It is the dream of many entrepreneurial business owners; to get their product or service in every Wal-Mart, Costco, Sam’s Club, and Home Depot in America. For some, this dream becomes a nightmare on many levels and for so many reasons. Going into a relationship with a 1,000 lb customer with open eyes and a little knowledge will lesson the pain and increase the chances that the relationship can be good. Though there are so many things to learn and consider when doing business with a large retailer, this article is going to be limited to addressing the working capital requirements and various financial considerations a business should weigh before doing business with that “dream customer.”
The most important thing your business needs to consider is that accounts receivable (A/R) will grow very large, very fast. If your product is seasonal, the impact of A/R growth is much more complex.
Big Box retailers typically pay in 45 to 60 days, so a small business can become overwhelmed very quickly when the orders start coming in. Many businesses have folded over the issue of not having the working capital to finance the outstanding A/R. Going into the relationship, it is important to think about the following: 1) Do I have enough gross and net margin in the sale to make the risk and headaches worthwhile? 2) What is it going to cost me to finance the burgeoning A/R? 3) How will the “Deduct from Invoice” (DFI) fees impact collections and profit? 4) Does my contract or purchase order with the large big box retailer allow me to assign the proceeds of the contract (many don’t)? 5) How are warranty returns and regular returns handled?
Each of these questions could have entire books written about them, but just knowing what they are up front will be a good start. Start by asking the prospective customer for a sample of their vendor agreement and purchase order. Read them very carefully and if you don’t understand something in the sample documents, find someone who can help you understand the meaning of each and every term.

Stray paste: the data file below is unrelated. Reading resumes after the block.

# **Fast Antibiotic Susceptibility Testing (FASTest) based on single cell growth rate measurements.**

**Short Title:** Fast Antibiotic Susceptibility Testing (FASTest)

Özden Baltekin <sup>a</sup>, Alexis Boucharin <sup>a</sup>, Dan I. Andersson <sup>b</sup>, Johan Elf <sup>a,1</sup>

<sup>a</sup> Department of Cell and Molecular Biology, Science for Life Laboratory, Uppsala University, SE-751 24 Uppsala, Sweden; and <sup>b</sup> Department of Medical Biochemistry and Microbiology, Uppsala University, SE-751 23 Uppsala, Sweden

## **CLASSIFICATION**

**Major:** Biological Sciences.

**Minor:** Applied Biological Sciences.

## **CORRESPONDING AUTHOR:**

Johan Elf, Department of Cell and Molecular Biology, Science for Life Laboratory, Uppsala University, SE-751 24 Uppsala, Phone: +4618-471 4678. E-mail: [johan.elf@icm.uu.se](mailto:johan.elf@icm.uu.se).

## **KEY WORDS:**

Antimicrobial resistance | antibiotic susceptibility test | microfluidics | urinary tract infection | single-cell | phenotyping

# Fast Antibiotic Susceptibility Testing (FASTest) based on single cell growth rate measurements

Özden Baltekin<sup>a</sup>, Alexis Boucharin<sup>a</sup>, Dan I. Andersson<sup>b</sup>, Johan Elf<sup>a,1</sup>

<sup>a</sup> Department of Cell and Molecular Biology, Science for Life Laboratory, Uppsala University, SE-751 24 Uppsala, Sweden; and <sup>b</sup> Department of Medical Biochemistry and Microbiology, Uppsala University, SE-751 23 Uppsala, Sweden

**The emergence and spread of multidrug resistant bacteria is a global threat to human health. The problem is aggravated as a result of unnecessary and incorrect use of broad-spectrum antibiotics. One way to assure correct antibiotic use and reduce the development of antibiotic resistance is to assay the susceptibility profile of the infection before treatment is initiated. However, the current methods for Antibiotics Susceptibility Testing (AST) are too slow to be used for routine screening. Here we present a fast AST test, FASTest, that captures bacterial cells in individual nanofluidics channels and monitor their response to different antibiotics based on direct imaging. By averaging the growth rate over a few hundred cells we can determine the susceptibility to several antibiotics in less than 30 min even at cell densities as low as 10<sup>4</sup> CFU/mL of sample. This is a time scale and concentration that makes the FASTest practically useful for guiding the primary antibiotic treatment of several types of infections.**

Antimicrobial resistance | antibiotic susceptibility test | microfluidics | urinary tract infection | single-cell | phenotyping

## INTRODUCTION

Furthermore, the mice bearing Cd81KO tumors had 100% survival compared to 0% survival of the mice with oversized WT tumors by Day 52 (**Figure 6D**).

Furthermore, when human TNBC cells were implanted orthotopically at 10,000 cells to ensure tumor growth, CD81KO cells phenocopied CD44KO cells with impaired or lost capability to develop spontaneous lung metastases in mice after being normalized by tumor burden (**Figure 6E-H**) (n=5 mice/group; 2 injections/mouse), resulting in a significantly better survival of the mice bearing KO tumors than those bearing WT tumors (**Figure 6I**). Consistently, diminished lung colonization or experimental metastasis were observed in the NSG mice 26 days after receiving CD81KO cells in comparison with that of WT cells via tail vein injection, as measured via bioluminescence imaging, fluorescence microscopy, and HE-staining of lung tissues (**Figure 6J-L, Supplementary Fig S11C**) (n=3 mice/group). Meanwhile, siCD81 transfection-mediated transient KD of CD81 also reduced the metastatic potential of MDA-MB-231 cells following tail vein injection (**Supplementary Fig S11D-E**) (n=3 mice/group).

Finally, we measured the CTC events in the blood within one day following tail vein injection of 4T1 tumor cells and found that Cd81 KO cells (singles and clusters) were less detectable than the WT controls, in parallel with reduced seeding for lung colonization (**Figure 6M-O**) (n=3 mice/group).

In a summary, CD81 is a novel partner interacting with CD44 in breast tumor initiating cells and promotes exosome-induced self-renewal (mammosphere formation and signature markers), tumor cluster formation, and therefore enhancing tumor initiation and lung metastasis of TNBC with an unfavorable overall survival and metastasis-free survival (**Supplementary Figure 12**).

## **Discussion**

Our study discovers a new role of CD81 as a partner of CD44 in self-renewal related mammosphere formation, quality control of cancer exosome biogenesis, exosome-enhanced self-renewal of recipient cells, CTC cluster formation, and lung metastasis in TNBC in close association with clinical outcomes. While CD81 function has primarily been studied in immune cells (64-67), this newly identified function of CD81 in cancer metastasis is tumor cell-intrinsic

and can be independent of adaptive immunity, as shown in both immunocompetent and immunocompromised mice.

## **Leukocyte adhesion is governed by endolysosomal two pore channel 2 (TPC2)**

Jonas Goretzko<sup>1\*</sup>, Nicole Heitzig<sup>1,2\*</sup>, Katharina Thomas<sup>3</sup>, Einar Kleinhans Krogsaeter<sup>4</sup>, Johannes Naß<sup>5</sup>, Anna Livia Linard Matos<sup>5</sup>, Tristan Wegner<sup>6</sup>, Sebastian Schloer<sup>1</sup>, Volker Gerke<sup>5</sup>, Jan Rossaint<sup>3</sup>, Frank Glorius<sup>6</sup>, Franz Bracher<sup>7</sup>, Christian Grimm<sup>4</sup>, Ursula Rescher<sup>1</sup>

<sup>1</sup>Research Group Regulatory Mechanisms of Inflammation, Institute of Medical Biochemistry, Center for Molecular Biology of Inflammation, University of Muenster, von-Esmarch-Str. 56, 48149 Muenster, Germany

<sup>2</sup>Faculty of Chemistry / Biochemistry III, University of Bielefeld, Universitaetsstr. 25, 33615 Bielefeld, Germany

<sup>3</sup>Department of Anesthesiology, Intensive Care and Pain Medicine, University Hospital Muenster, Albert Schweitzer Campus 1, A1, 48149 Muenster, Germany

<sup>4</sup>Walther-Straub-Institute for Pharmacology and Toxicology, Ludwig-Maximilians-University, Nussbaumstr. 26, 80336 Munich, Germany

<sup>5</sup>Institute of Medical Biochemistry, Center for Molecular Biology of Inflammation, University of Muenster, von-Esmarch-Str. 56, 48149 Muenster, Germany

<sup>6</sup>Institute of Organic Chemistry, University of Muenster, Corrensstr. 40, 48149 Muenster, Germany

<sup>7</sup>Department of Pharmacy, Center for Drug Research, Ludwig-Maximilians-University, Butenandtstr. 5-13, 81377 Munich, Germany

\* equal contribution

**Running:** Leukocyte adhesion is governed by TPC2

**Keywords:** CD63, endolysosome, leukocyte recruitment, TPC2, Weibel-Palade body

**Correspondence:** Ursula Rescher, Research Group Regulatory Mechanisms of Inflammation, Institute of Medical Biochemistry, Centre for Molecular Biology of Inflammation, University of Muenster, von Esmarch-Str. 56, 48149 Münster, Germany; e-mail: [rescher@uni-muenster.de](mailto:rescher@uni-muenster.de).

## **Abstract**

If your A/R are going to be substantial, you will need a financing source to allow you to turn your A/R into cash immediately, so it can be used to keep the inventory pipeline full. Although traditional bank lines of credit may be a possibility, they are usually too small for a small business selling to a large retailer. A/R financing or factoring is the next best thing. Picking a factor isn’t for the faint of heart. The factoring industry has become the mainstream way small businesses sell to large retailers across the entire world, so there really isn’t a stigma associated with selling your invoices to a factoring company.
There are thousands of good reputable factoring companies and banks who have factoring programs to choose from. Not all are created equally however and some are downright unscrupulous. As you talk to factoring companies about financing your growth, ask each one of them for their sample contract and completely understand all the fees that may (or may not) be charged to you for their services. My Company, Business Finance Solutions has relationships with many factors around the country and helps companies (at no charge to the client) when they have A/R financing needs. Business Finance Solutions has a Factoring Comparison Worksheet to help a client understand all the different terms and conditions and fees that a factor may charge. Feel free to download it and ask any factor making a proposal to complete the checklist for you. Be wary of any factoring company that will not fully disclose their sample contract and all terms. Do not sign any agreement you do not completely understand.
When your company uses a factor to assist with growth, the process involves you “selling” a customer’s invoice to the factor at a discounted rate. The factor advances you cash when the customer has accepted the goods or services at a rate of 75% to 95% of the gross amount of the invoice. The balance is held in reserve until the customer has paid and it is released back to you minus the factor’s fees. Factoring costs vary greatly depending on a number of criteria, such as the amount you factor on a monthly basis, the length of time it takes to get paid, and the perceived risk of your customer. The discount fees may vary from 1% to 3% of factored invoices for each 30 days. If you can estimate this cost as a percentage of sales and pass all or some of it on to your customer, you should do so.
Factoring doesn’t have to be prohibitively costly, especially when you plan your borrowing needs and are able to generate sales with larger gross and net margins than the cost of borrowing.